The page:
In a move towards a looser Anglican federation, Canadian bishops have agreed to try a system of “flying bishops” to help keep the worldwide Communion from breaking apart over homosexual clergy, blessing same-sex unions, and the ordination of female priests. The “episcopal visitors” — bishops from outside the local church and often from overseas — would be allowed to perform rites such as ordinations and confirmations for traditionalist parishes that reject gay bishops and other liberal positions of the Church.
Hate Lessons With Shmuley
Celeb reb Shmuley Boteach, rabbi to Michael Jackson, tells the readers of the conservativeWorldNetDaily that hatred has been demonized. Saddam down, Arafat in the grave… we’re on a roll, here, baby, so don’t stop now: “It is time for moral people to learn how to hate.”
Pacino’s Passion
23 November 2004
The Merchant of Venice is coming to a theater near you, with Al Pacino as Shylock. James Shapiro, author of Shakespeare and the Jews and one of the definitive books on passion plays, is not happy. “‘This is Mel Gibson’s ‘Passion Part II,’ says [Shapiro.] ‘When you go down Gibson’s road, this is where you end up. You can’t have the demonization of Jews without seeing where it ends up — and it ends in ghettoization and persecution.'” More…
Religion Didn’t Fit in This Story
As part of a series on the “children of Africa” (a sentimental ploy we’ll forgive them for paying attention to Africa at all), The Boston Globe sent John Donnelly to Uganda, where he recounts in brutal, horrifying detail the story of a boy pressed into the rebel Lord’s Resistance Army. It’s a scary, worthwhile report, but we were confused by this graf: “[Rebel leader] Kony has said his goal is to seize power in Uganda and govern it according to the Ten Commandments. But no one outside his inner circle takes his religious talk seriously. He is more credible as a killer.” There’s no disputing that last statement — Kony is as murderous a man as walks the earth — but by disregarding his vicious theology, Donnelly does the reader a disservice. Nor does Donnelly pay any more attention to the evangelical revival sweeping Uganda, of which dictator Yowero Museveni is a leader. There are religious politics in Uganda’s awful war, but religion — like less-sympathetic adult Africans — is relegated to a few facts dutifully noted before the main event of a sad child made victim and killer.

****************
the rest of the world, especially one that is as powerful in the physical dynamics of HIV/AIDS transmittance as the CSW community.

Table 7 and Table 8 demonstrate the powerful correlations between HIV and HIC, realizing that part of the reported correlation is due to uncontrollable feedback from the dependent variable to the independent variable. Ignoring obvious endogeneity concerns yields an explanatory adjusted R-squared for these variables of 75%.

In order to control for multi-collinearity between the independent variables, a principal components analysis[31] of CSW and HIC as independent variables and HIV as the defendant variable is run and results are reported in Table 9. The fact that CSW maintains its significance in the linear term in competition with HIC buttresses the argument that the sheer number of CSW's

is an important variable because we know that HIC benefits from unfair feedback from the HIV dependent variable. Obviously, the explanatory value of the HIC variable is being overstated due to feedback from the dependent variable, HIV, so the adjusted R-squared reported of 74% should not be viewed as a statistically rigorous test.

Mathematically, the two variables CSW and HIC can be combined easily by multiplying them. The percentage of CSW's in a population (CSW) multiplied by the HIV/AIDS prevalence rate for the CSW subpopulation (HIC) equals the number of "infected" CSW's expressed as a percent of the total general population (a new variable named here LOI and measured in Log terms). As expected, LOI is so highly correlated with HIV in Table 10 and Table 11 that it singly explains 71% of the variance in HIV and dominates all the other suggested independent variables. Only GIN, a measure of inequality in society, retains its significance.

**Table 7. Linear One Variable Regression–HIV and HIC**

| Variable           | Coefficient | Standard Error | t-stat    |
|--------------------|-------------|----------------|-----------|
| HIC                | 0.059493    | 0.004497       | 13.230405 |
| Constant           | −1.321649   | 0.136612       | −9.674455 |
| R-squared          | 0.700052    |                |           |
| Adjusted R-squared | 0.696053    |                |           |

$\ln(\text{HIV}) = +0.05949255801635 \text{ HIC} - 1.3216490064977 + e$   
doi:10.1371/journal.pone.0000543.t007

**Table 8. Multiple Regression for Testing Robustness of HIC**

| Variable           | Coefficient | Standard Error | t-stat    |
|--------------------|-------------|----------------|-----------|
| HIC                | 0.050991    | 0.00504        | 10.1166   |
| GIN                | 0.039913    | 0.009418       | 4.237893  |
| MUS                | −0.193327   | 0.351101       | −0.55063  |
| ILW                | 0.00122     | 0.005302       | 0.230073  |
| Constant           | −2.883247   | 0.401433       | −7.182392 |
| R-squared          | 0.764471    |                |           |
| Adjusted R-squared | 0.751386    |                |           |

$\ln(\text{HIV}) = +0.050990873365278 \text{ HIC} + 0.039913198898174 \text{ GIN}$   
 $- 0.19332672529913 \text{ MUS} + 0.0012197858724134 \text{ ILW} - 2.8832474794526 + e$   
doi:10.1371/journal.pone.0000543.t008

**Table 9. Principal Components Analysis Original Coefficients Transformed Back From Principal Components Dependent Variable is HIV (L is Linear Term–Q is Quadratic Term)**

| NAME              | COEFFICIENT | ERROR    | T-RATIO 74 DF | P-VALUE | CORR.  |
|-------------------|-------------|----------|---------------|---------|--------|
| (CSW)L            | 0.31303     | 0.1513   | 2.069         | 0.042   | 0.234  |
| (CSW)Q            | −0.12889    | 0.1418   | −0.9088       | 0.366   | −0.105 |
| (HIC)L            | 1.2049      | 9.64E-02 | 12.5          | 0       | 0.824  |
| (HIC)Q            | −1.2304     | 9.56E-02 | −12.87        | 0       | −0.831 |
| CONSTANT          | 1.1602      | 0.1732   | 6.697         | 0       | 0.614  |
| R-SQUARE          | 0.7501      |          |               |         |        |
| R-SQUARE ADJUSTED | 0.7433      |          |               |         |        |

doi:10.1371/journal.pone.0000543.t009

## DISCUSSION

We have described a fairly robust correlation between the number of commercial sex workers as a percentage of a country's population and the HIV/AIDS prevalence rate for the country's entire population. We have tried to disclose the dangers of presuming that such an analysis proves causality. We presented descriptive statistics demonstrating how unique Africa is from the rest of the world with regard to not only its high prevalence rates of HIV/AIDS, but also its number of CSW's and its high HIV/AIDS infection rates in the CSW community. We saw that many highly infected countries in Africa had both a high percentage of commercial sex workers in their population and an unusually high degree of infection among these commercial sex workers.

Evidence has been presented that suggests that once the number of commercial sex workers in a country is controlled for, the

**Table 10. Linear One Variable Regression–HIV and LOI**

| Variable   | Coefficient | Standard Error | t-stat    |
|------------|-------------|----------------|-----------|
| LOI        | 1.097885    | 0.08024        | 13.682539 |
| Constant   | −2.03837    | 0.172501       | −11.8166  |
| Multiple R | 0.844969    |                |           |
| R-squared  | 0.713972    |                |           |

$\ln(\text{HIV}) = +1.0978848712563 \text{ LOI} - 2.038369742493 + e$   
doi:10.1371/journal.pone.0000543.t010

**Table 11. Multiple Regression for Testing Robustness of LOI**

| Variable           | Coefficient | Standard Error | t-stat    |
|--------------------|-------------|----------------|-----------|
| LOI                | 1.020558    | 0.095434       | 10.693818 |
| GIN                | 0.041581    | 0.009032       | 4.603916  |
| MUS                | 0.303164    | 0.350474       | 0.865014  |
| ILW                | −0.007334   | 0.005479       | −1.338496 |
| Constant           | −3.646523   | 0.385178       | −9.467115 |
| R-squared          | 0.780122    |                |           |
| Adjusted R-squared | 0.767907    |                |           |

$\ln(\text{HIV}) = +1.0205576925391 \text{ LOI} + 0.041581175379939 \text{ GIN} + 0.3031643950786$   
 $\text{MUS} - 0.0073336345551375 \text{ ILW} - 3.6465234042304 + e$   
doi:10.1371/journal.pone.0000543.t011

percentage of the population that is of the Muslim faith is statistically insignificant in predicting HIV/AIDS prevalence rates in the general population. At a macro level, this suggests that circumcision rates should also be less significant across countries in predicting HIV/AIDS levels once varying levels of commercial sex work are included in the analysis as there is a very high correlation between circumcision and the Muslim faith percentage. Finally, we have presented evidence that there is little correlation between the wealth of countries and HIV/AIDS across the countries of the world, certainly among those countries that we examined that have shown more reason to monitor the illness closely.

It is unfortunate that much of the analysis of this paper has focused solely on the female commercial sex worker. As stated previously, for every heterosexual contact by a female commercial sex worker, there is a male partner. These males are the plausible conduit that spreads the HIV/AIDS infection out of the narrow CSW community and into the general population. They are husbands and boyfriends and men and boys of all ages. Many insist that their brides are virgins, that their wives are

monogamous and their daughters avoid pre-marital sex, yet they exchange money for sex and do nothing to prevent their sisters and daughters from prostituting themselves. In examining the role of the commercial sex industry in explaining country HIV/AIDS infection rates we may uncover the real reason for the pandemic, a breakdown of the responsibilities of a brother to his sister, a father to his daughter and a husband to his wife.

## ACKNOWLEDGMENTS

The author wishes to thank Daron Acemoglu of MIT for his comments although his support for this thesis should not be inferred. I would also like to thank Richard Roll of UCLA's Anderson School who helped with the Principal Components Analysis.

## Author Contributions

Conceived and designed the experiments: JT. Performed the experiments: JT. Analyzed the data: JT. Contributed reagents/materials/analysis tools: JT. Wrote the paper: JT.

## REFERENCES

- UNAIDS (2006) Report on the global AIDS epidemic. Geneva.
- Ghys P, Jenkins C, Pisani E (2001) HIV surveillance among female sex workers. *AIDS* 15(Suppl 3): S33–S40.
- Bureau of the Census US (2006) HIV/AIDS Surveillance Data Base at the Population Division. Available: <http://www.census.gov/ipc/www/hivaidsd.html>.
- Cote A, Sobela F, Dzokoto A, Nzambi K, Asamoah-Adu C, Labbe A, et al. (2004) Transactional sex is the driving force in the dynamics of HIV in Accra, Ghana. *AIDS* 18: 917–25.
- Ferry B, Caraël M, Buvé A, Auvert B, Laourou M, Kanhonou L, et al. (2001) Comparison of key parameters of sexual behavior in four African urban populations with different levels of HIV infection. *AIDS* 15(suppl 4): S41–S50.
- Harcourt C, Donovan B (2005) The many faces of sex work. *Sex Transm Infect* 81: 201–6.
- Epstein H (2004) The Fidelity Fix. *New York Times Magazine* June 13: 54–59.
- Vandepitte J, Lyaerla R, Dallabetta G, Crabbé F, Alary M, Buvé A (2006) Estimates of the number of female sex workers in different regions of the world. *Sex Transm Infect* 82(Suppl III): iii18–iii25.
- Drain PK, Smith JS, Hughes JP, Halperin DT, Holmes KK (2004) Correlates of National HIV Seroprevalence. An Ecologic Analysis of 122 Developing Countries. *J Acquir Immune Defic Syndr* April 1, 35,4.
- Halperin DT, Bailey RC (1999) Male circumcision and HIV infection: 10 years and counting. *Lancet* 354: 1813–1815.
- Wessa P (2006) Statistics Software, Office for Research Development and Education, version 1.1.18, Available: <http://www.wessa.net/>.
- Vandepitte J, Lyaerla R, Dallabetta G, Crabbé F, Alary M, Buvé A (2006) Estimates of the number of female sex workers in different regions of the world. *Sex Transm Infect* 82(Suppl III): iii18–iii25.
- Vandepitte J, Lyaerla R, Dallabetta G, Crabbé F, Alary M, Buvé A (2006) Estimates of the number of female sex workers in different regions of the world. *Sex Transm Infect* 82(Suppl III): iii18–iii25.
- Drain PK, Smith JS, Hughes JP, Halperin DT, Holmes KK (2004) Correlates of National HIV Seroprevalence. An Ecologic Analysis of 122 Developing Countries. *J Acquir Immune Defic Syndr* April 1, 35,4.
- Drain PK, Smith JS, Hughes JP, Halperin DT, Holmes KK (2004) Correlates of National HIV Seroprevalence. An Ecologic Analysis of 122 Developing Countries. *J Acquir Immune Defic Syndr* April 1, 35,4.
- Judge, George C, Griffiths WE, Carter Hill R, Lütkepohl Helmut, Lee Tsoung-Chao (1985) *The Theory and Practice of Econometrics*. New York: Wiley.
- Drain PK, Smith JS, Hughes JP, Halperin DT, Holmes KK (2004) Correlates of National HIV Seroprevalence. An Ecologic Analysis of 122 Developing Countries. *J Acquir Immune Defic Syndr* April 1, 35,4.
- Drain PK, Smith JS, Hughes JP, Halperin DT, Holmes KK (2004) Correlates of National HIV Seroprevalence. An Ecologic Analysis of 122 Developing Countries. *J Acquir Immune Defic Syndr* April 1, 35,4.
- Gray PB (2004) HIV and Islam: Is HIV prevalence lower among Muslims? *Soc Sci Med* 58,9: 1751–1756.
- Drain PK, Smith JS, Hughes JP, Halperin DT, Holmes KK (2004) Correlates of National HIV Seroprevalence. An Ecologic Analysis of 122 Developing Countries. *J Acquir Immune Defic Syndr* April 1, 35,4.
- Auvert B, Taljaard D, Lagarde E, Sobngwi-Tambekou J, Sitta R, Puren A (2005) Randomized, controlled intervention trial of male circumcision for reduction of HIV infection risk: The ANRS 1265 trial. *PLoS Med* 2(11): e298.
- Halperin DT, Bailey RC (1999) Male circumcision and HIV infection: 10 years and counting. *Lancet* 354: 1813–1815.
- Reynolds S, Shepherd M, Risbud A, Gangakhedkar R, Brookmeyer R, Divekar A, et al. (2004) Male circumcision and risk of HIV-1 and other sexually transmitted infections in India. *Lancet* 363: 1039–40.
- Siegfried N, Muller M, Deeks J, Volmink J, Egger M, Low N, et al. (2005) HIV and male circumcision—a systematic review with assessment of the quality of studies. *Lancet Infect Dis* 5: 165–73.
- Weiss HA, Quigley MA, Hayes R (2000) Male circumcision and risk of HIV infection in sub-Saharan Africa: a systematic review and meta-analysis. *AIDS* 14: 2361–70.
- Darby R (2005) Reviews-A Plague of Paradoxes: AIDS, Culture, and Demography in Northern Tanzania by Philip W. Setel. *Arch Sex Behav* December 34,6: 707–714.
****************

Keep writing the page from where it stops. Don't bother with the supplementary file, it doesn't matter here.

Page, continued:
Unclean Kabbalah
The Detroit News reports on a “Kabbalah” outbreak in Michigan. Why the scare quotes? Because the New Age spirituality described uncritically in the article bears as much relation to Kabbalah as my Uncle Morrie, satin-jacket maker for the stars, did to the Lubavitcher rebbe.The Detroit News, however, wants to be “balanced,” so they report only that “critics sayKabbalah is being distorted.” That’s not being objective; that’s misrepresenting the facts. The Kabbalah in question includes Jesus as a great leader and star of David overlaid with a cross and an Egyptian ankh. This critic says that ain’t kosher.